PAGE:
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In The Return of the King, Aragorn's company comes across the corpse of a man:

Before him were the bones of a mighty man. He had been clad in mail, and still his harness lay there whole; for the cavern’s air was as dry as dust, and his hauberk was gilded. His belt was of gold and garnets, and rich with gold was the helm upon his bony head face downward on the floor. He had fallen near the far wall of the cave, as now could be seen, and before him stood a stony door closed fast: his finger-bones were still clawing at the cracks. A notched and broken sword lay by him, as if he had hewn at the rock in his last despair.

What was behind the door, and why was the man so desperate to get inside? Did Tolkien ever share that information? This question has been bugging me ever since I originally read the books.

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3 Answers 3

up vote 26 down vote accepted

In an author's footnote to The Rivers and Beacon-hills of Gondor, quoted in Hammond and Scull's Readers Companion, we get the answer:

The special horror of the closed door before which the skeleton of Baldor was found was probably due to the fact that the door was the entrance to an evil temple hall to which Baldor had come, probably without opposition up to that point. But the door was shut in his face, and enemies that had followed him silently came up and broke his legs and left him to die in the darkness, unable to find any way out.

This footnote is appended to a discussion on the Halifirien, and also notes that:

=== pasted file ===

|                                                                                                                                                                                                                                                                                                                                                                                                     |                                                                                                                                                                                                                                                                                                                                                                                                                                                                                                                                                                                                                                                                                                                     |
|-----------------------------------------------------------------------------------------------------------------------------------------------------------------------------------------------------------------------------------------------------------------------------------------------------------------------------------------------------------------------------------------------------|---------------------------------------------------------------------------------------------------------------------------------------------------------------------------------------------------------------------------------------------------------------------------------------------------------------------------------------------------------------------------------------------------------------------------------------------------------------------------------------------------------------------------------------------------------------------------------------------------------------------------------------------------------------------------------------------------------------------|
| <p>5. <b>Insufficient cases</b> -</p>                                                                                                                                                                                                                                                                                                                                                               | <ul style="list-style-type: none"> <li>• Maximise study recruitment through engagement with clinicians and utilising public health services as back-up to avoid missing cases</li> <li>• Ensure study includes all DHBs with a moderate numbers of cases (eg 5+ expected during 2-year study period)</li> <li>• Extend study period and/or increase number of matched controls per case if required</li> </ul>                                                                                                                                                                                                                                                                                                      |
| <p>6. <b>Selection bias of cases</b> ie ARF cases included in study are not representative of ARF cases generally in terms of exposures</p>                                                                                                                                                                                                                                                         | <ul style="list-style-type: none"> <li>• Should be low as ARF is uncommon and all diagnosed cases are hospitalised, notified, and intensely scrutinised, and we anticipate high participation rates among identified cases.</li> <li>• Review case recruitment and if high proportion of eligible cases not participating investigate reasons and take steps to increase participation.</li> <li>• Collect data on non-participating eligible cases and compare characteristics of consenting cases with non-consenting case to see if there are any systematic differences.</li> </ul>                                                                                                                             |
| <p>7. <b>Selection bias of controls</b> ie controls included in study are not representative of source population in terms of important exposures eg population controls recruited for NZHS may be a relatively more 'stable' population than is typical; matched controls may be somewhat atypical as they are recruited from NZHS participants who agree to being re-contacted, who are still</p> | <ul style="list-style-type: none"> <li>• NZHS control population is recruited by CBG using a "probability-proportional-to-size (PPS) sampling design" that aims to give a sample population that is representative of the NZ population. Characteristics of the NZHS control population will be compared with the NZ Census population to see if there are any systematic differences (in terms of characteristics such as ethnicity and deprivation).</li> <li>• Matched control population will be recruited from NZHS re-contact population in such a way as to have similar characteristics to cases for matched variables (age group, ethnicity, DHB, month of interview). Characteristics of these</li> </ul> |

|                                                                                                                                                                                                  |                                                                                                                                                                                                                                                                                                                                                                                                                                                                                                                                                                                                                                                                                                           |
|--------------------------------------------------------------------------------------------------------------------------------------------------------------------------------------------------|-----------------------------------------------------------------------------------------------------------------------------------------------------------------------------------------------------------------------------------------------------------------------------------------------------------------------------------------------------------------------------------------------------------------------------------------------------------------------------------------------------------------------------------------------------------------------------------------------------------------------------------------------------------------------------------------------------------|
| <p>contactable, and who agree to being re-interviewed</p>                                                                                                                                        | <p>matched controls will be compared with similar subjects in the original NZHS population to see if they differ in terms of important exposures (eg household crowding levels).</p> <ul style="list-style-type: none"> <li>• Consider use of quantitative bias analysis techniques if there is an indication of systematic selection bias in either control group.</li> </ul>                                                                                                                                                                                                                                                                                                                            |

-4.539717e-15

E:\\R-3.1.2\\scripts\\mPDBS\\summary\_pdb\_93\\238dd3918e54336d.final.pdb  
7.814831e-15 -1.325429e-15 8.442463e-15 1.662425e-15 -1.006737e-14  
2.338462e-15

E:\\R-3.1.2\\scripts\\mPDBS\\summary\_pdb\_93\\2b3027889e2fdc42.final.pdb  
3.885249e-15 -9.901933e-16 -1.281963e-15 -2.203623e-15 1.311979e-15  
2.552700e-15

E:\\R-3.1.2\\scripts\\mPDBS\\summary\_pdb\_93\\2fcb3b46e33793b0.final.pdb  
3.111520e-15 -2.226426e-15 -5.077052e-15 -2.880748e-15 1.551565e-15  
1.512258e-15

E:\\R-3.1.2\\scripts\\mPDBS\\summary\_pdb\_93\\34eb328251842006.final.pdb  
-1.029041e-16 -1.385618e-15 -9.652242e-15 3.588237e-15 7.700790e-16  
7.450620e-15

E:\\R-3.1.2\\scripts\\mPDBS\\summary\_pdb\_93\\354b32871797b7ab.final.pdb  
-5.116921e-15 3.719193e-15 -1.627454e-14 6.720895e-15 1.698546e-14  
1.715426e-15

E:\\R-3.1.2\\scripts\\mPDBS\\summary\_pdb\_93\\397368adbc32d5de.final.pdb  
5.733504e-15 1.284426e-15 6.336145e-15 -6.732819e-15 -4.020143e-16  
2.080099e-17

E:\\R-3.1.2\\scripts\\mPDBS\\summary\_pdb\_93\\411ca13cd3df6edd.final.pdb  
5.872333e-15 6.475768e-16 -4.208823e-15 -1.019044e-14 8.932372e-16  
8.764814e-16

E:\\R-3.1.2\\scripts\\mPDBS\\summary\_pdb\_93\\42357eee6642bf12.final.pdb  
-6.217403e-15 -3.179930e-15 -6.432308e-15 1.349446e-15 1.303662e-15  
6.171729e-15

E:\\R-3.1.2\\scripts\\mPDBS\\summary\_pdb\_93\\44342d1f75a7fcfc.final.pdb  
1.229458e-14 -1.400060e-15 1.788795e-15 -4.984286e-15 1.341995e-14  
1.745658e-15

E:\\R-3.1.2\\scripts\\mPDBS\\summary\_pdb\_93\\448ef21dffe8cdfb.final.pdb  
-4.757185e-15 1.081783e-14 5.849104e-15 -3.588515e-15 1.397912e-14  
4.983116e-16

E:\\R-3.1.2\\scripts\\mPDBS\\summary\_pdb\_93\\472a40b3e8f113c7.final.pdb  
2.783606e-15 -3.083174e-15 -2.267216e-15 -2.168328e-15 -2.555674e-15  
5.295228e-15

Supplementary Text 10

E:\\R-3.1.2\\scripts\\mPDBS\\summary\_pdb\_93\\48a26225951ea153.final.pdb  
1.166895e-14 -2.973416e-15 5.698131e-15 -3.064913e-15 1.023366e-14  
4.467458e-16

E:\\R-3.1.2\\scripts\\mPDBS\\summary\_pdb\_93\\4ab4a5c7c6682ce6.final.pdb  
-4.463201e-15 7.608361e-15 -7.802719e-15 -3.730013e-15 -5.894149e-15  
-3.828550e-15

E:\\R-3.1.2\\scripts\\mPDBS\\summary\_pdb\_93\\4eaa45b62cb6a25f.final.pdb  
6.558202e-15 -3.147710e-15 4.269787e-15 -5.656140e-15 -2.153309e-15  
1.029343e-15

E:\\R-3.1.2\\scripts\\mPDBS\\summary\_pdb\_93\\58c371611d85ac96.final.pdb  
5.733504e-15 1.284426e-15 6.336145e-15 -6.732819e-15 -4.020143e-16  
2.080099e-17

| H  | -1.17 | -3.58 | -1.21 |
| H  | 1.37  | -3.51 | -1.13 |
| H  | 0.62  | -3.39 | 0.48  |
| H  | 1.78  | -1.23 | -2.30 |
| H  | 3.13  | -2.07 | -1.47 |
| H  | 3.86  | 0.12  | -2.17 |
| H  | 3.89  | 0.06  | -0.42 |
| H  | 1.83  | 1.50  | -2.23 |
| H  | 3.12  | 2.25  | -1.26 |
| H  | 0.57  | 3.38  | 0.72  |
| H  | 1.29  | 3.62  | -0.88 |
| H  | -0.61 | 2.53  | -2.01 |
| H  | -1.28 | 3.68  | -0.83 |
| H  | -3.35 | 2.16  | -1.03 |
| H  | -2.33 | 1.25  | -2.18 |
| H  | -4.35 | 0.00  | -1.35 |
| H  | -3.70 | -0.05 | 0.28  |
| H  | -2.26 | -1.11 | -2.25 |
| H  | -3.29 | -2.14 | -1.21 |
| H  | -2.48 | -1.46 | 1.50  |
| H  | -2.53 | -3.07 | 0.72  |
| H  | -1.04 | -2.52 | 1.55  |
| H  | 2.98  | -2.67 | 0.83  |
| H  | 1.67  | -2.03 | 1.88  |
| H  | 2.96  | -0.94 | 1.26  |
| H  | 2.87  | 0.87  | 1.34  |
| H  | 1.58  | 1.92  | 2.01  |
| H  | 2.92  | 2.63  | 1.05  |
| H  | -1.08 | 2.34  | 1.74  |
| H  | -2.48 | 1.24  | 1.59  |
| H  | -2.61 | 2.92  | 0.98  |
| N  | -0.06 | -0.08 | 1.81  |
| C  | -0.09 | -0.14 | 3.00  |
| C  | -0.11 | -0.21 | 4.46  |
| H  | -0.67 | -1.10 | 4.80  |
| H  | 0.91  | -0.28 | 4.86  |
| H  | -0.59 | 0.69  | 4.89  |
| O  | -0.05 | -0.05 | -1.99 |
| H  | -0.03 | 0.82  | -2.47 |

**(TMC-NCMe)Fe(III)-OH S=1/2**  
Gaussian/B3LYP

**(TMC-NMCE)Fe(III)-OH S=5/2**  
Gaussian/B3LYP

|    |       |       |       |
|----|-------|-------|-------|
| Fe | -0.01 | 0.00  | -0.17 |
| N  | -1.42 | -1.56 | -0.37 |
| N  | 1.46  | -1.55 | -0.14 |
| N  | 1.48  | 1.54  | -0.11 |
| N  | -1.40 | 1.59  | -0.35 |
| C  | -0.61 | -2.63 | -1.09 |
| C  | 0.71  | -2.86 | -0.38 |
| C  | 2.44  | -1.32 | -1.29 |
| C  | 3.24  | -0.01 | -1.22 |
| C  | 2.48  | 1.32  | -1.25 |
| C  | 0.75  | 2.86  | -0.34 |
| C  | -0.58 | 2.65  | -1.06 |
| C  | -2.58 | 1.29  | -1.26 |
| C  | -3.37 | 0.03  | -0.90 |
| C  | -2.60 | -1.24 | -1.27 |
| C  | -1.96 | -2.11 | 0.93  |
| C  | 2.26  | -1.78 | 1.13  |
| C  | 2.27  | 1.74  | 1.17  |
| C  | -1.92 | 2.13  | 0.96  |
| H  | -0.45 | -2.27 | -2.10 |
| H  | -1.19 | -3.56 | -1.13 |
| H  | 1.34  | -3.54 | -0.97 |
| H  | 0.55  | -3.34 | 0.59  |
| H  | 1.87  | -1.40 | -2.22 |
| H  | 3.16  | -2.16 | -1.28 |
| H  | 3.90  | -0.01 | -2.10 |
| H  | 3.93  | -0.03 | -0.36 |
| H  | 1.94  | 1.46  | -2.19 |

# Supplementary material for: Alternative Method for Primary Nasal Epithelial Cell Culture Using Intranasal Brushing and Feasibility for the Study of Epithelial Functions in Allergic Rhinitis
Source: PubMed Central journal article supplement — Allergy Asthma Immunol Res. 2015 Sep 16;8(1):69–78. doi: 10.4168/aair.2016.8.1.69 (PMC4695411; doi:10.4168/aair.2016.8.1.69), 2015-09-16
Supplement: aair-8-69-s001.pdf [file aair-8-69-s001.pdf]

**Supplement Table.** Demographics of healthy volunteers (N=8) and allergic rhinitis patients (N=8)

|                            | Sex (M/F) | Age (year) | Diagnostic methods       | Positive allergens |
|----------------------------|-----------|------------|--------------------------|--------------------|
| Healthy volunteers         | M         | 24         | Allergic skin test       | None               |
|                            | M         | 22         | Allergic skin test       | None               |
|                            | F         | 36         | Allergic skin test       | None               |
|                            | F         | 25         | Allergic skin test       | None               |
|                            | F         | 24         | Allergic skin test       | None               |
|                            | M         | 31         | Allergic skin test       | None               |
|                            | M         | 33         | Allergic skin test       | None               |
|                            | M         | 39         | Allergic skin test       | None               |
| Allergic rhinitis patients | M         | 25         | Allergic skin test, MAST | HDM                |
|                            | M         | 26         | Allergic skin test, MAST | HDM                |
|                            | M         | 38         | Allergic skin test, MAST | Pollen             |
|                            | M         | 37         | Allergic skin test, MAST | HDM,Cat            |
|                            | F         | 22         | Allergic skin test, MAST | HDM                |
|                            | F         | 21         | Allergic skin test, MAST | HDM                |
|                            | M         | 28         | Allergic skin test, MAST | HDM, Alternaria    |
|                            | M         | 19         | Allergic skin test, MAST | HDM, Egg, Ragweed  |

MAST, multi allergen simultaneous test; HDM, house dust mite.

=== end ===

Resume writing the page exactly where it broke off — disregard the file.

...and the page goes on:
The Men of Darkness built temples, some of great size, usually surrounded by dark trees, often in caverns (natural or delved) in secret valleys of mountain-regions; such as the dreadful halls and passages under the Haunted Mountain beyond the Dark Door (Gate of the Dead) in Dunharrow.

And the discussion itself notes that:

...a religious structure that was "ancient" could only have been erected by the Men of Darkness, corrupted by Morgoth or his servant Sauron.

As for why Baldor wanted to even go there in the first place: maybe he fancied a bit of temple-robbing, maybe he wanted to make a name for himself, or maybe - as I said in my comment to Richard's answer - "he was drunk and decided to do something stupid".

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From whence did Hammond and Scull's Readers Companion source that information? –  Pureferret Jan 14 at 23:54
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From the Rivers and Beacon-hills essay I linked to, published in Vinyar Tengwar - an obscure source but nonetheless a valid one. –  Jimmy Shelter Jan 14 at 23:56
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Apologies I wasn't clear if the essay was from Tolkien or Hammond and Scull's. –  Pureferret Jan 14 at 23:59
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Personally I'm slightly amused by the notion of a prince of Rohan going "dungeon-bashing". It's so unlike Tolkien, but yet there it is. –  Jimmy Shelter Jan 15 at 0:22